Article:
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May You be the apple of my eye

Australian Country Landscape

Christmas Day, Dec 25 2011
Gospel: Luke 2:1-20

In those days a decree went out from Emperor Augustus that all the world should be registered. 2This was the first registration and was taken while Quirinius was governor of Syria. 3All went to their own towns to be registered. 4Joseph also went from the town of Nazareth in Galilee to Judea, to the city of David called Bethlehem, because he was descended from the house and family of David. 5He went to be registered with Mary, to whom he was engaged and who was expecting a child. 6While they were there, the time came for her to deliver her child. 7And she gave birth to her firstborn son and wrapped him in bands of cloth, and laid him in a manger, because there was no place for them in the inn.

8 In that region there were shepherds living in the fields, keeping watch over their flock by night. 9Then an angel of the Lord stood before them, and the glory of the Lord shone around them, and they were terrified.10But the angel said to them, ‘Do not be afraid; for see—I am bringing you good news of great joy for all the people: 11to you is born this day in the city of David a Saviour, who is the Messiah, the Lord. 12This will be a sign for you: you will find a child wrapped in bands of cloth and lying in a manger.’ 13And suddenly there was with the angel a multitude of the heavenly host, praising God and saying, 
14 ‘Glory to God in the highest heaven,
and on earth peace among those whom he favours!’

15 When the angels had left them and gone into heaven, the shepherds said to one another, ‘Let us go now to Bethlehem and see this thing that has taken place, which the Lord has made known to us.’ 16So they went with haste and found Mary and Joseph, and the child lying in the manger. 17When they saw this, they made known what had been told them about this child; 18and all who heard it were amazed at what the shepherds told them. 19But Mary treasured all these words and pondered them in her heart. 20The shepherds returned, glorifying and praising God for all they had heard and seen, as it had been told them.

 

We shall not cease from our exploring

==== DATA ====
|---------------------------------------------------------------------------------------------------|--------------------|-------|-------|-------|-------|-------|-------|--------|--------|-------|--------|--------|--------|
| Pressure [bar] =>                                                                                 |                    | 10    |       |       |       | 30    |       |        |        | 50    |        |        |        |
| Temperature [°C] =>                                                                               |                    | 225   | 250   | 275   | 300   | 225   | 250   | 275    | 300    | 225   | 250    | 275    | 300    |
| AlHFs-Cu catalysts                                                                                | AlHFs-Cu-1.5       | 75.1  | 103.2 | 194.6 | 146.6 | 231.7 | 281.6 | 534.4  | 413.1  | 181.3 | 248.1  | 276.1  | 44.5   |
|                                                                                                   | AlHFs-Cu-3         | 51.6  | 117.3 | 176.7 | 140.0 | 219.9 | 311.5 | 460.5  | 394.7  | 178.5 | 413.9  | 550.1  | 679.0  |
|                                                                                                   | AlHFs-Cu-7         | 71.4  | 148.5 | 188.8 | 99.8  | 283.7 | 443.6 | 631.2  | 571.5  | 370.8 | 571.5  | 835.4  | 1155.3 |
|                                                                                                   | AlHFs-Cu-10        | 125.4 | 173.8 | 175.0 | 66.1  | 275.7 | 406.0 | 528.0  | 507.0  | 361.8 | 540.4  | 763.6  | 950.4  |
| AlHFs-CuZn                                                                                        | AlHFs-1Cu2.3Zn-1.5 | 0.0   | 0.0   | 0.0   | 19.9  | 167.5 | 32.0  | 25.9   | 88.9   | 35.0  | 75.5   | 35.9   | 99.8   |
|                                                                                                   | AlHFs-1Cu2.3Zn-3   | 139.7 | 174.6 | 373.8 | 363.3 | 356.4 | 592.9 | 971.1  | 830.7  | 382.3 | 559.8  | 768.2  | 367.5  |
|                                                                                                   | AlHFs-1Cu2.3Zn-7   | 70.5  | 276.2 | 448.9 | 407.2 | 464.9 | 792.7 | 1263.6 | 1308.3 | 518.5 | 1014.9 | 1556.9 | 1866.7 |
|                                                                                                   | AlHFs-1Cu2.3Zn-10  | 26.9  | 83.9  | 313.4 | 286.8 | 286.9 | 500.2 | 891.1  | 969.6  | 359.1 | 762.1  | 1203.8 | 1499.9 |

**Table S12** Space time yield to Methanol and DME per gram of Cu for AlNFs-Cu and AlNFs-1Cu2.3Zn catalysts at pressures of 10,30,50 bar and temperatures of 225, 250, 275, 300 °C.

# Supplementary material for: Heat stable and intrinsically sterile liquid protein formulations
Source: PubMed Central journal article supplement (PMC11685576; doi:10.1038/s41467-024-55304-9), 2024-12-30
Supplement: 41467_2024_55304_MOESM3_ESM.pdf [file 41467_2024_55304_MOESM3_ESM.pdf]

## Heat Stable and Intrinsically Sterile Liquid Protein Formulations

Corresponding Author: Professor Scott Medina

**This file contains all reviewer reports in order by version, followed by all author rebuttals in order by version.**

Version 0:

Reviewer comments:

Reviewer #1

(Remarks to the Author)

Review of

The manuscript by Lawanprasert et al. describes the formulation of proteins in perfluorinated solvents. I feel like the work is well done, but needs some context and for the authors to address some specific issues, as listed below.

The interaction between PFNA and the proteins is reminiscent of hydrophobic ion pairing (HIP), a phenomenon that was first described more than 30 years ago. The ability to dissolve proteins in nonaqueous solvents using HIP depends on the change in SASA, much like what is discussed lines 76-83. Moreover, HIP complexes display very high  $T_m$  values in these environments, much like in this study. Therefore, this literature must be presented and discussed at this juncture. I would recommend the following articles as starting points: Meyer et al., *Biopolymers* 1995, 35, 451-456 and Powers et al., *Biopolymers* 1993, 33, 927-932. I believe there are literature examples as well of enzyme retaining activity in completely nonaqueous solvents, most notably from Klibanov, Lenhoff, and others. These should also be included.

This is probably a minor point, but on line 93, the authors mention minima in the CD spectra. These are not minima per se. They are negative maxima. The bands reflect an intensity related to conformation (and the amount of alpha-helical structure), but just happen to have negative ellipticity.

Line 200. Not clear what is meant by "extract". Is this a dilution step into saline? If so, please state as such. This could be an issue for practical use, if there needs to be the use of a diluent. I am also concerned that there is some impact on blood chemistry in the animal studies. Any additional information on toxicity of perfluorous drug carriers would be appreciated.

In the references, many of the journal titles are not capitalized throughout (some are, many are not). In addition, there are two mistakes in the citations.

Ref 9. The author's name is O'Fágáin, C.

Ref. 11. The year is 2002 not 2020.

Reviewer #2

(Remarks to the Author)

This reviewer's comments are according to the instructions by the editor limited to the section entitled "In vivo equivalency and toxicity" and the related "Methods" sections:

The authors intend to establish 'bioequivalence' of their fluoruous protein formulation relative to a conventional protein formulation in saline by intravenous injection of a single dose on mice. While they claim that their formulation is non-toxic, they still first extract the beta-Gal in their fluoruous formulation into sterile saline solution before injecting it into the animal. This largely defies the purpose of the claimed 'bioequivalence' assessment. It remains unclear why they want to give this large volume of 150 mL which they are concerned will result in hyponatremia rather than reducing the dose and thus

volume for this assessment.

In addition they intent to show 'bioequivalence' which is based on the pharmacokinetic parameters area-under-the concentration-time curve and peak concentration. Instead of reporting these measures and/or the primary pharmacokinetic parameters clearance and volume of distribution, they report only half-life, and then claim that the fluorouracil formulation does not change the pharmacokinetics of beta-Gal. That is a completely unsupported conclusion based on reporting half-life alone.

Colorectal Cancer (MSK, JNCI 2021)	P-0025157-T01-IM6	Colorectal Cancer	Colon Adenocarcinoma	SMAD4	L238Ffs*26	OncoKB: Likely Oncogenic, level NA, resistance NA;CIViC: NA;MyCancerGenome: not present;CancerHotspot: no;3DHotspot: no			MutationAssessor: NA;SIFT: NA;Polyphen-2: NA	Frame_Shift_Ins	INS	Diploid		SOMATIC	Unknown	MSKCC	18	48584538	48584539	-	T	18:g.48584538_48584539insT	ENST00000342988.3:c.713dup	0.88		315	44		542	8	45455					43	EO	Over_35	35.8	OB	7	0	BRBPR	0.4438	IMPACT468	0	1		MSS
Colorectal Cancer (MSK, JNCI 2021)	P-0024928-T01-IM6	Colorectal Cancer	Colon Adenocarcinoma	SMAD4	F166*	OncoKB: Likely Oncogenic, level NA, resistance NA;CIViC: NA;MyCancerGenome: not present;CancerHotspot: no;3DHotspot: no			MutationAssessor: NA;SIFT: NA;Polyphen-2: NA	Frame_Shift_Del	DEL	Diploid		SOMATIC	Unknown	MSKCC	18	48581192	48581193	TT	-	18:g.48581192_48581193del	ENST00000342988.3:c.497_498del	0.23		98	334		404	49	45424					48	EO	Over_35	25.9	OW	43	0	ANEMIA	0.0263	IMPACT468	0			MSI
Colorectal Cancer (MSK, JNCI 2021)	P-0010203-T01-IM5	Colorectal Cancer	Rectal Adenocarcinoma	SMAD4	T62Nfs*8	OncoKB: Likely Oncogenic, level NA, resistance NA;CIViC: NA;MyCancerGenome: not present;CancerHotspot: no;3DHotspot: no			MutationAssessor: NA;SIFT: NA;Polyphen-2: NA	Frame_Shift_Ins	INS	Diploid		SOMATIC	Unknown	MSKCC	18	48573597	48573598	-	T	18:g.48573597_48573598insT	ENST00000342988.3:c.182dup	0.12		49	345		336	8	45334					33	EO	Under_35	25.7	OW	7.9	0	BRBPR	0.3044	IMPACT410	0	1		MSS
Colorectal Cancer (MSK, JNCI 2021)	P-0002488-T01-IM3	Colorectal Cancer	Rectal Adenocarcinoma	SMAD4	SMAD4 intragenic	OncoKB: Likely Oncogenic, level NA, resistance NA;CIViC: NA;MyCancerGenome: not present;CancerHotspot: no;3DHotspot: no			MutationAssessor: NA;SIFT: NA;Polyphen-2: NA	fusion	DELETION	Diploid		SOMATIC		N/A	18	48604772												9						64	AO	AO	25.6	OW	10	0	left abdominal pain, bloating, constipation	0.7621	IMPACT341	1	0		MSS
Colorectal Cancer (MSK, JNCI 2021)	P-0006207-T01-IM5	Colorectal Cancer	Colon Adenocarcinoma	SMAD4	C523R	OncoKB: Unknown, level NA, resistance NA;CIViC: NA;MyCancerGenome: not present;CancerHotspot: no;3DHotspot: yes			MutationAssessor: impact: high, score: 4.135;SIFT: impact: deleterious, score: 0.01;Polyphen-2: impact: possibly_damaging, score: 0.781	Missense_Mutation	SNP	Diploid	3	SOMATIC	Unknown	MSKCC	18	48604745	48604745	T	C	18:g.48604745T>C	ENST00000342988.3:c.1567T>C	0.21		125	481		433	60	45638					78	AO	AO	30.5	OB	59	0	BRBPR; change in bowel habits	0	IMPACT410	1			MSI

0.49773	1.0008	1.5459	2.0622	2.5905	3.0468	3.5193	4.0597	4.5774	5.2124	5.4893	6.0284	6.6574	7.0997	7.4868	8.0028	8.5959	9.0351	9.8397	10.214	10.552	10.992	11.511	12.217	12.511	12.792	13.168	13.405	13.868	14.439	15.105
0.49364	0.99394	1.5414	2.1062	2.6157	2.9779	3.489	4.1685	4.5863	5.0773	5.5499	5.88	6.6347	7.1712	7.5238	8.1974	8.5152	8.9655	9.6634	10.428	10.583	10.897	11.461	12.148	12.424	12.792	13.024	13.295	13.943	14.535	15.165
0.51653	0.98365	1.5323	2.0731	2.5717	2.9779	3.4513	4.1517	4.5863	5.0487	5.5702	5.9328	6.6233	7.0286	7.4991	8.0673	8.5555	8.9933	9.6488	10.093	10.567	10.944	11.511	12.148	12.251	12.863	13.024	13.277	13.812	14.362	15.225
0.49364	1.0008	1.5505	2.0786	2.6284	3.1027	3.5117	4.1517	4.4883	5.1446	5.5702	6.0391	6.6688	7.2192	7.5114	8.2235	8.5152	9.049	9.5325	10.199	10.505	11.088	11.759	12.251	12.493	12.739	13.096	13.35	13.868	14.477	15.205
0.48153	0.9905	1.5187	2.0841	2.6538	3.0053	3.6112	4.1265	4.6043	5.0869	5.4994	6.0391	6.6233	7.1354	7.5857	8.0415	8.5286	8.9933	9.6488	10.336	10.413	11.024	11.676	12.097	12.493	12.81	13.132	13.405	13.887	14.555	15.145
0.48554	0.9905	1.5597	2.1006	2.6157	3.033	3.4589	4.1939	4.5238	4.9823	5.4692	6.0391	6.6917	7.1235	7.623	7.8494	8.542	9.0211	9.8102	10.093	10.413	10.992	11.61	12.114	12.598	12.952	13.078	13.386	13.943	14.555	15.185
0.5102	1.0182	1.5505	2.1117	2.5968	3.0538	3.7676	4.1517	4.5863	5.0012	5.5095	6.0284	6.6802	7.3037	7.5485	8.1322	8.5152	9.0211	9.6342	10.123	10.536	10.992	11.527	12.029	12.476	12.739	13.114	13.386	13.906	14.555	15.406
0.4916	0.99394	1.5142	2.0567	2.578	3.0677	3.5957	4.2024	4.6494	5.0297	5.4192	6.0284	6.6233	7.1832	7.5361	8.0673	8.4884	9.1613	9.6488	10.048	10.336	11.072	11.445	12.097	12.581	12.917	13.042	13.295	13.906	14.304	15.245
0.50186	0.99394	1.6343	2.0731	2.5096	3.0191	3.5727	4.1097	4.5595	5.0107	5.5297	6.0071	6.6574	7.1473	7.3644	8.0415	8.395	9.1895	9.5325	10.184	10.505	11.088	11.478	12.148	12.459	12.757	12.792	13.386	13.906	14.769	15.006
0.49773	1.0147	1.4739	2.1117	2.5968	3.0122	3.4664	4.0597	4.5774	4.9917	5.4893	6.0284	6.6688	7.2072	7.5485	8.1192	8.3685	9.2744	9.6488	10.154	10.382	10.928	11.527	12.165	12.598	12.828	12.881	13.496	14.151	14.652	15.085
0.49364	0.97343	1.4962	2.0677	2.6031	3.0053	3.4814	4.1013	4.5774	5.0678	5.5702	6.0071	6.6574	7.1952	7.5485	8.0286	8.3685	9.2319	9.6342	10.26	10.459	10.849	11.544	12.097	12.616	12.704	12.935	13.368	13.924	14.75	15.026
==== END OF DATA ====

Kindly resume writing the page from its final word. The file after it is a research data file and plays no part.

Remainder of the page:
and the end of our exploring
Will be to arrive where we started
And know the place for the first time.
Through the unknown, remembered gate
Where the last of earth left to discover
Is that which was the beginning;
At the source of the longest river
The voice of the hidden waterfall
And the children in the apple-tree
Not known, because not looked for
But heard, half-heard, in the stillness
Between two waves of the sea.
Quick now, here, now, always-
A condition of complete simplicity
(Costing not less than everything)
And all shall be well and
All manner of thing shall be well
When the tongues of flame are in-folded
Into the crowned knot of fire
And the fire and the rose are one.
T. S. Eliot.

“Why is this night different from all other nights?” It is the question of the Passover.
“Why is this child different from all other children?” could be the question of Christmas.

The beauty of birth
There were four delightful little children at church on Sunday. They were passed around, carried and fussed over by the older children, the women, and even some of the men.

They are precocious, precious, and full of potential. Nelson is rapidly learning English. “This is the body of Christ, broken for you,” I told him. “Yes,” he said. “Thank you very much!” His solemnly sincere Indian-Australian pronouncement melted every heart gathered round the table.

Riley wobbled out the front to visit Grandpa at the piano, but was distracted into a wider ranging safari, and had to be rescued by Grandma as he began to assess the data projector. Callum helped light the Advent candles in a miraculous intersection of wobbling tapers and wicks, and Aman, the youngest, tugged every maternal heartstring available as the young girls, and the grandmas, took their turn to carry her around.